Real Estate

A tale of five cities

In my line of work, I meet a lot of people who have recently moved to San Francisco or who are hoping to move here as soon as they find a place to stay. Newcomers usually are looking for a place to rent, not buy. My advice to them — after first suggesting they take a swig of some strong liquor — is that they understand the uniqueness of finding a rental in this market. It’s not like most other places they’ve lived.

I was a renter until two and a half years ago. Before finally buying a condo here in the city, I had rented my housing ever since I moved into the dormitories at the University of Wisconsin. Over the following couple decades, I moved from city to city often enough that you might suspect I was fleeing something, but in reality I was just following the dictates of new jobs or existing relationships. From Madison to Indianapolis to New York to California, I paid my monthly fee to live in apartments, and I have learned that things can be very different in different cities.


Madison: In college, you expect to have a roommate. In my case, my freshman year roommate was a friend from high school, and we weathered the first-year dorms together, where the biggest danger was running afoul of the official line that they were to be called “residential halls” and not “dorms.” The next year I had my own dorm room, but after that it was apartment living all the way.

Indianapolis: Like the millennial whiners of today, I was graduated from college during a time of recession. There were no editorial jobs to be had in Madison, so I moved to Indianapolis when a friend offered a job at a think tank based there. In Indianapolis, housing was so cheap and the market so weak that you didn’t need a roommate; landlords were offering a couple months free rent just to get you to sign a 12-month lease.

Chicago: After a couple years in Indy, I got a new job and moved north to the Windy City. The rent was about the same as in Indianapolis, but the space was dramatically less. I went from a one-bedroom unit to a cramped studio along the lake. But I loved it.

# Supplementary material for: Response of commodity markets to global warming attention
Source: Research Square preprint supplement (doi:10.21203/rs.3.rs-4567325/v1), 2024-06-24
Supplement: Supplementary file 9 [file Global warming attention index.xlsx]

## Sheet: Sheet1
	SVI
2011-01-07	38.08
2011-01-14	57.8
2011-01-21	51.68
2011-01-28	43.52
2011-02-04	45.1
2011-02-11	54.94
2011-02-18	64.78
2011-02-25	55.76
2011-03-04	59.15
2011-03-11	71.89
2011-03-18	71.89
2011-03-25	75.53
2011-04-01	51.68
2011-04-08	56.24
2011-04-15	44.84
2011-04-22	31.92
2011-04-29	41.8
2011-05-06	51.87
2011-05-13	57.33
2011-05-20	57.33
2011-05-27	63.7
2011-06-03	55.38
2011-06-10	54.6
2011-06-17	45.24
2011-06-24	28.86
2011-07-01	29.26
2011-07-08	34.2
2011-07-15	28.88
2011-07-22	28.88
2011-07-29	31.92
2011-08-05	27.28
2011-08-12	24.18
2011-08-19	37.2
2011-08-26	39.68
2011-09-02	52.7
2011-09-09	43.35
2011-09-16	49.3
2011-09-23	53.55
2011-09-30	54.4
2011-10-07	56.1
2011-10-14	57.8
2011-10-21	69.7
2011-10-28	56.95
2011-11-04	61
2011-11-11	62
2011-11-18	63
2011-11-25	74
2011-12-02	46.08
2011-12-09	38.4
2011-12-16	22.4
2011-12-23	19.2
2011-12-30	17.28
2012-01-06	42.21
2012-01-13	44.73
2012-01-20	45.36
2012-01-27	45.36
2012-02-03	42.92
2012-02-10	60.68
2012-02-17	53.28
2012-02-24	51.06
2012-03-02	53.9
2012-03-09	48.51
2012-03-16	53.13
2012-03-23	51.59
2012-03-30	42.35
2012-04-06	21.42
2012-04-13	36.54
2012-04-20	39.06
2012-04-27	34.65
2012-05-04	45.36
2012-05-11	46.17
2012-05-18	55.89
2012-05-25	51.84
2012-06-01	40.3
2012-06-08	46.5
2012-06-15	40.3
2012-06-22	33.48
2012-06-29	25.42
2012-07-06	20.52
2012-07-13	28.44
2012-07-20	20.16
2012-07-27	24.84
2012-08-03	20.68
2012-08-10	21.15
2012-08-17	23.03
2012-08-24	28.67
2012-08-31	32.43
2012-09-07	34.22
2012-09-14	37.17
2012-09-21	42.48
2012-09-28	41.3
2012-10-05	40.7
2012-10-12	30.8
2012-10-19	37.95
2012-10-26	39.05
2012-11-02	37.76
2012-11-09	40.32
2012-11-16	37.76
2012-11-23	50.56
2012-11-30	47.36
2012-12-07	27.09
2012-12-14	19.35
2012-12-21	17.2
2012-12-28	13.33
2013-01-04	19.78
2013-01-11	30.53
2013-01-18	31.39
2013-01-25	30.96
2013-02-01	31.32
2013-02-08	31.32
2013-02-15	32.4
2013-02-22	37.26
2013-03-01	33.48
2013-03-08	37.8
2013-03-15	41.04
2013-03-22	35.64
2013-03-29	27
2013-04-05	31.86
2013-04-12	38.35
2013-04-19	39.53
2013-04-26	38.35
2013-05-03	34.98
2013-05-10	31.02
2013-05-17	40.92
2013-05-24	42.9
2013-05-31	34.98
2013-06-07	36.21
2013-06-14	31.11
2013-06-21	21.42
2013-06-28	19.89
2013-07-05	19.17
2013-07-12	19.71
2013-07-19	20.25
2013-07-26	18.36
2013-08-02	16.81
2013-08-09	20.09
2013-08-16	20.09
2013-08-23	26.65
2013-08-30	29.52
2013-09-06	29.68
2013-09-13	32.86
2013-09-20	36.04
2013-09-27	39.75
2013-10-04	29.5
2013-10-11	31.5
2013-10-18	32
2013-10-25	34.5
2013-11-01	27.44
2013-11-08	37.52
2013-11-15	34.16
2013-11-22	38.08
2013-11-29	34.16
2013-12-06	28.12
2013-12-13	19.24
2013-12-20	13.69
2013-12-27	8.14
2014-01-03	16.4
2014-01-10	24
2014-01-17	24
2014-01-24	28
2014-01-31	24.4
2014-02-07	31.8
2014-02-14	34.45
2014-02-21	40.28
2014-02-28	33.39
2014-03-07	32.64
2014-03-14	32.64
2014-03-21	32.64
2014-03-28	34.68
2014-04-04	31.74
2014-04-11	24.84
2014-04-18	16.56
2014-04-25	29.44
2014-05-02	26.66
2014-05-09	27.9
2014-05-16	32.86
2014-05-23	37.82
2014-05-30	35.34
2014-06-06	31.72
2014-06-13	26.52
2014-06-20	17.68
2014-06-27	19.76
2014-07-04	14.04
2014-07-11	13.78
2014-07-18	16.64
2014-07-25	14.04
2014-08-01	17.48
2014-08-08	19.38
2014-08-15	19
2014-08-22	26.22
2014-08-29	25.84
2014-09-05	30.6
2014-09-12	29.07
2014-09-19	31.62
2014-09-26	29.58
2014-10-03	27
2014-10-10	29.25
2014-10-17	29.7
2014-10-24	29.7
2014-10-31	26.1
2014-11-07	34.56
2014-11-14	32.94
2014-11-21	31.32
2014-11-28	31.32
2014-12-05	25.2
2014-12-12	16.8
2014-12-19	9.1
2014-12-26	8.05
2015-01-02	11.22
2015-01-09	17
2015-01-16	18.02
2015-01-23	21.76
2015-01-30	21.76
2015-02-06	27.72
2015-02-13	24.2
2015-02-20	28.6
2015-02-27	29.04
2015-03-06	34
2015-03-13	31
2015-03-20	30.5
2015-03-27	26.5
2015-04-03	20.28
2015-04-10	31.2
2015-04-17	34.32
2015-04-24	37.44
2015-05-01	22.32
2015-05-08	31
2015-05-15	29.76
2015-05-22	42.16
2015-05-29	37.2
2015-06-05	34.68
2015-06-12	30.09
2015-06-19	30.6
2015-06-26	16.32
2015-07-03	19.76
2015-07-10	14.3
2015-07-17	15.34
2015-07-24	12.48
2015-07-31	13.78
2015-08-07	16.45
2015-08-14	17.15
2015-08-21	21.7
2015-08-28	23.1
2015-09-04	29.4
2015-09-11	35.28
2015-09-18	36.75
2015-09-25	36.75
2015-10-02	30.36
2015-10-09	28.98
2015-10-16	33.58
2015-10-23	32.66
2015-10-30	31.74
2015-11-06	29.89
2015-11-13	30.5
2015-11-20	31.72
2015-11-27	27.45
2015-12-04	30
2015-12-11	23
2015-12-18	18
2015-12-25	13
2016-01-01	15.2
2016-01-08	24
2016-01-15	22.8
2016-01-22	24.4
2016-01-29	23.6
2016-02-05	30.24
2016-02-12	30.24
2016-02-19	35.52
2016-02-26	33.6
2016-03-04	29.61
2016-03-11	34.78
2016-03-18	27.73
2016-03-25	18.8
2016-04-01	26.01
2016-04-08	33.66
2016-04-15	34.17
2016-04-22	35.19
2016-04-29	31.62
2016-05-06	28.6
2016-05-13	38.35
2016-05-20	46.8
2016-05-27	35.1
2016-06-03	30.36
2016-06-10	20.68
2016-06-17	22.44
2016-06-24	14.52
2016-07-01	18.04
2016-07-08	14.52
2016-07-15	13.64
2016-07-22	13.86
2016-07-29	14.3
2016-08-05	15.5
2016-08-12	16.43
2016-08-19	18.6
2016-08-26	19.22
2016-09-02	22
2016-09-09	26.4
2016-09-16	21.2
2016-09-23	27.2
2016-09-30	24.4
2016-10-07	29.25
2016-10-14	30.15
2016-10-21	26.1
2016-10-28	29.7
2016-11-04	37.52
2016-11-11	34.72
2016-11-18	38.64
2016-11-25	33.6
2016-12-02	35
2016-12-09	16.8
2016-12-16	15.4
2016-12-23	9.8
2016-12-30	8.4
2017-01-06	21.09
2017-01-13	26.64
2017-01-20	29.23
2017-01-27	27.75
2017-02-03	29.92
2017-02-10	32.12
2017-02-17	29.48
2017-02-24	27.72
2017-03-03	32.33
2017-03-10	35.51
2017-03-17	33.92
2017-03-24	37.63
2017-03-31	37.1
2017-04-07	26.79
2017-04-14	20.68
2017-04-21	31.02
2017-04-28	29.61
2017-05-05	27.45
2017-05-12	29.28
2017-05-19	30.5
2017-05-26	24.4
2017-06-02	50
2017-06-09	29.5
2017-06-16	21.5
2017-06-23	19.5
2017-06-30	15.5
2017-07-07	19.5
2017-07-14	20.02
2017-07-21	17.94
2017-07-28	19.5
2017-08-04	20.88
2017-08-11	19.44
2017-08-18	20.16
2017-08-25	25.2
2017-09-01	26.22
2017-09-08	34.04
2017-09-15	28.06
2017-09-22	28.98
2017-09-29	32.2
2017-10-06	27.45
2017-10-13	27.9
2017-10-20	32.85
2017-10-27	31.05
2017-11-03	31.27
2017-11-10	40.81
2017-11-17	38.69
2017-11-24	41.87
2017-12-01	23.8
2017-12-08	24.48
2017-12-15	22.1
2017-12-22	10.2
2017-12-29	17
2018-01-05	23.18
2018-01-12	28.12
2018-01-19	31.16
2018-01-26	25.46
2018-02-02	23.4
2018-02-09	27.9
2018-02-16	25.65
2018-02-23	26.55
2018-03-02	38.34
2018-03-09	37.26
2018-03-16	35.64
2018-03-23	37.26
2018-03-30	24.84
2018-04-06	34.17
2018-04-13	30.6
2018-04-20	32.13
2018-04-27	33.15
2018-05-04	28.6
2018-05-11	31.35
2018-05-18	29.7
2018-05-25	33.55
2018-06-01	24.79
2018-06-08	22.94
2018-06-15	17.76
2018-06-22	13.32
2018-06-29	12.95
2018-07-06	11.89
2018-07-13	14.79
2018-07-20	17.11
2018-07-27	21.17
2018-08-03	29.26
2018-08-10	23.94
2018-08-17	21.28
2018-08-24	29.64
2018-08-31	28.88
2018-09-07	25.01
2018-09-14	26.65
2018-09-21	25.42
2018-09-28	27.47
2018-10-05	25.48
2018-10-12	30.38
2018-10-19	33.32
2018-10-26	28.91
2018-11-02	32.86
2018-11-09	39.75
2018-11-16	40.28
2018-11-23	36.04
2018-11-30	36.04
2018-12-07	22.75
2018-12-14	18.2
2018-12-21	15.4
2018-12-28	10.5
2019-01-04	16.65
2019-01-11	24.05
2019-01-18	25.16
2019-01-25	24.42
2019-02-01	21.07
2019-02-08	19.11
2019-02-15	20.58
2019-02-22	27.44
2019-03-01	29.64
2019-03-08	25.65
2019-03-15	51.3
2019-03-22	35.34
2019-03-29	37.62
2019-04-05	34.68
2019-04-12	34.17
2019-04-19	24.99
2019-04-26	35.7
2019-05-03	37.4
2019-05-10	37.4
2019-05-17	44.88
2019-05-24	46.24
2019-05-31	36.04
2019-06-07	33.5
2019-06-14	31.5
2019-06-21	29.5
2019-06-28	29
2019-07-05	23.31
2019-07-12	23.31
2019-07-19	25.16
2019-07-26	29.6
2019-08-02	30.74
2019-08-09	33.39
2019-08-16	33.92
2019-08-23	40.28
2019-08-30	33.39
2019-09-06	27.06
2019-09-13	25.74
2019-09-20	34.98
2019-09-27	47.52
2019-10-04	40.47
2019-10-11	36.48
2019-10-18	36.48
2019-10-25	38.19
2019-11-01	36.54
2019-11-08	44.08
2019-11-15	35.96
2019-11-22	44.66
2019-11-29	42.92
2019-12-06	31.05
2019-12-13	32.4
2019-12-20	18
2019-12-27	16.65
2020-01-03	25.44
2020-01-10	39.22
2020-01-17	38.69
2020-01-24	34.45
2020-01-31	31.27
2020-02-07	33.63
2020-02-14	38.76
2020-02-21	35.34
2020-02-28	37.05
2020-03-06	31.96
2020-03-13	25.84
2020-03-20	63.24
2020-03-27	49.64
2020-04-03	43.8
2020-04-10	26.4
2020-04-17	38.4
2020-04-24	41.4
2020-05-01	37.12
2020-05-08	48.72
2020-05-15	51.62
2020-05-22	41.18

New York: Life is complicated. For a number of reasons, I eventually ended up in New York around the turn of the century. This was my first roommate situation since college. Before moving there, I interviewed with five potential roommates. There was the older man who was a collector of art and artifacts from his world travels, which it was clear to me he would be very upset if I damaged in any way or touched. There was the young man from Virginia who was renting out his couch in the living room and who mentioned having to call the police because the apartment below him was being used as a brothel. There was the French guy who had the most charming accent but whom I could barely understand. There was the unfriendly looking businessman. And there was the friendly looking store manager on the Upper East Side, who became my roommate for the next two years.

Frankly, I would have moved to New York City right after college if I had thought of the roommate route. But for whatever reason, I didn’t even think of it and instead ended up in Indianapolis. Let this be a lesson to you.

San Francisco: When I moved to San Francisco, I was already partnered up, so a roommate situation would not have been in the cards. But I have hired a number of younger employees and interns here who can only make it work if they have roommates. Whether it’s the artist I know who lives in a shared artist loft — sort of a glorified squatter, really — or the cartoonist who rooms with a changing menagerie of roommates in Noe Valley, sharing the rent and the home is the key to living in this ridiculously expensive city, especially when you’re young.

Then again, I have a friend who is about to retire after a long career in biotech sales, and she is a great example of the other side of the San Francisco rental experience. She made good money and could have bought a place here at almost anytime since she arrived here as a young woman in the 1970s. Instead, she got a great second-floor apartment (without a roommate) and after her retirement she will probably buy a place elsewhere with her saved money.

Might I suggest Indianapolis?

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